Grouchiness, listlessness, moodiness, reluctance to go to school – all are common behaviors in young people at some stage of childhood or adolescence. But they can sometimes signal something more serious than “growing pains” – illnesses like depression or bipolar disorder. This section of the toolkit discusses the specific ways depression impacts young people. To learn more about the causes and symptoms of depression, click here. To find out about the many options available to treat depression, click here.
How common is depression in young people?
It wasn’t until about 20 years ago that depressive disorders in children and adolescents were recognized at all. Now we know that as many as 5% of adolescents suffer from serious depression at some point in time, and about 20% of adolescents will experience meaningful symptoms of depression by the time they enter adulthood. We also know that the years between 15 and 24 represent the most common time for the onset of a depressive disorder.
Depression occurs more frequently with age, especially after the onset of puberty. Although before puberty depression is seen with equal frequency in boys and girls, after puberty depression occurs twice as frequently in girls than in boys. Depression may also be more likely to develop in children with other emotional disorders such as Attention Deficit Hyperactive Disorder (ADHD), behavioral disorders, eating disorders or anxiety disorders, in children with developmental disorders or mental retardation, and in young people with certain medical conditions such as diabetes, asthma, cancer or other chronic illnesses.
Unfortunately, young people who suffer from depression are also more likely to experience depression during adulthood. This trend underscores the need to address the signs of depression when they first appear to help chart a course to wellness later in life.
What are the symptoms of depression in young people?
Depression’s symptoms differ at each developmental stage.
Symptoms in young children may include:
- Excessive crying
Symptoms in older pre-adolescents and adolescents may include:
- Reduced social interactions
- Intense sensitivity to rejection
- Loss of energy
- Loss of interest in previously enjoyed activities
- Sleep disturbance (either reduced or increased sleep) (Note: if you are concerned about your child’s sleep, Click here for a simple quiz that can help you determine whether your child’s current sleep patterns may be causing problems.)
- Changes in appetite (either reduced or increased) or eating habits
- Reduced energy
- Academic decline
- Conflict with authority
- Use of alcohol or drugs
- Thoughts of suicide
Young people of all ages may also experience physical symptoms that cannot be attributed to other medical conditions, including headaches or stomachaches. These too may be signs of depression.
In the most severe forms of depression, young people may experience distortions of reality, such as hallucinations or delusions. Finally, suicide in young people is closely linked to depression. Most children who attempt or contemplate suicide suffer from depression, making prompt attention to the symptoms of depression critical.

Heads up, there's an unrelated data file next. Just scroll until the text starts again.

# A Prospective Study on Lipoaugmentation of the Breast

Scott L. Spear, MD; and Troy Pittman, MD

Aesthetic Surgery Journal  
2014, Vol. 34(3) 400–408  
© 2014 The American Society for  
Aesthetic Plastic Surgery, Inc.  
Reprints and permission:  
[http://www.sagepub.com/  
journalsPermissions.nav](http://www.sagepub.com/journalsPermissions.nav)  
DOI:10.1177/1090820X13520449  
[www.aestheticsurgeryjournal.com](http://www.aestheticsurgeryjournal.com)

The key is to know your child. Only then can you distinguish between normal behavior and signs of a more serious condition. If your usually quiet and well-mannered nine-year-old suddenly begins behaving disruptively—or your boisterous teenager suddenly becomes silent and withdrawn—it may be time for an honest discussion and a visit with your pediatrician.
How is depression diagnosed in young people?
The good news is that, just like in adults, depression in young people can be diagnosed and treated. When depression is addressed early, recovery is more likely and any later recurrences are apt to be less severe.
Together with a healthcare provider, you can find out whether your child is experiencing depression or bipolar disorder, and help your child chart a course to feeling and functioning better. This website provides tips and tools for starting that conversation with your child’s pediatrician or nurse practitioner, or with a community health professional. See Talking with your healthcare provider.
Before engaging your pediatrician or other healthcare provider, you may find it helpful to know more about how depressive illnesses are diagnosed. Experts commonly employ a series of established questions to identify depression. To walk your child through the same questions, click on Are you depressed?. You can take the completed questionnaire to a professional to determine the best course of action.
How is depression treated in young people?
Safe and effective treatments are available for people of all ages who suffer from depression or related illnesses. For young people, the most effective treatment approach almost always includes a combination of psychotherapy (sometimes referred to as “talk therapy”) and medication. For treatment to be fully effective, consistency over time is critical. Therapy commonly continues for several months or longer. To learn more about the many treatment options that may be available to help your child overcome depression, visit Know Your Treatment Options.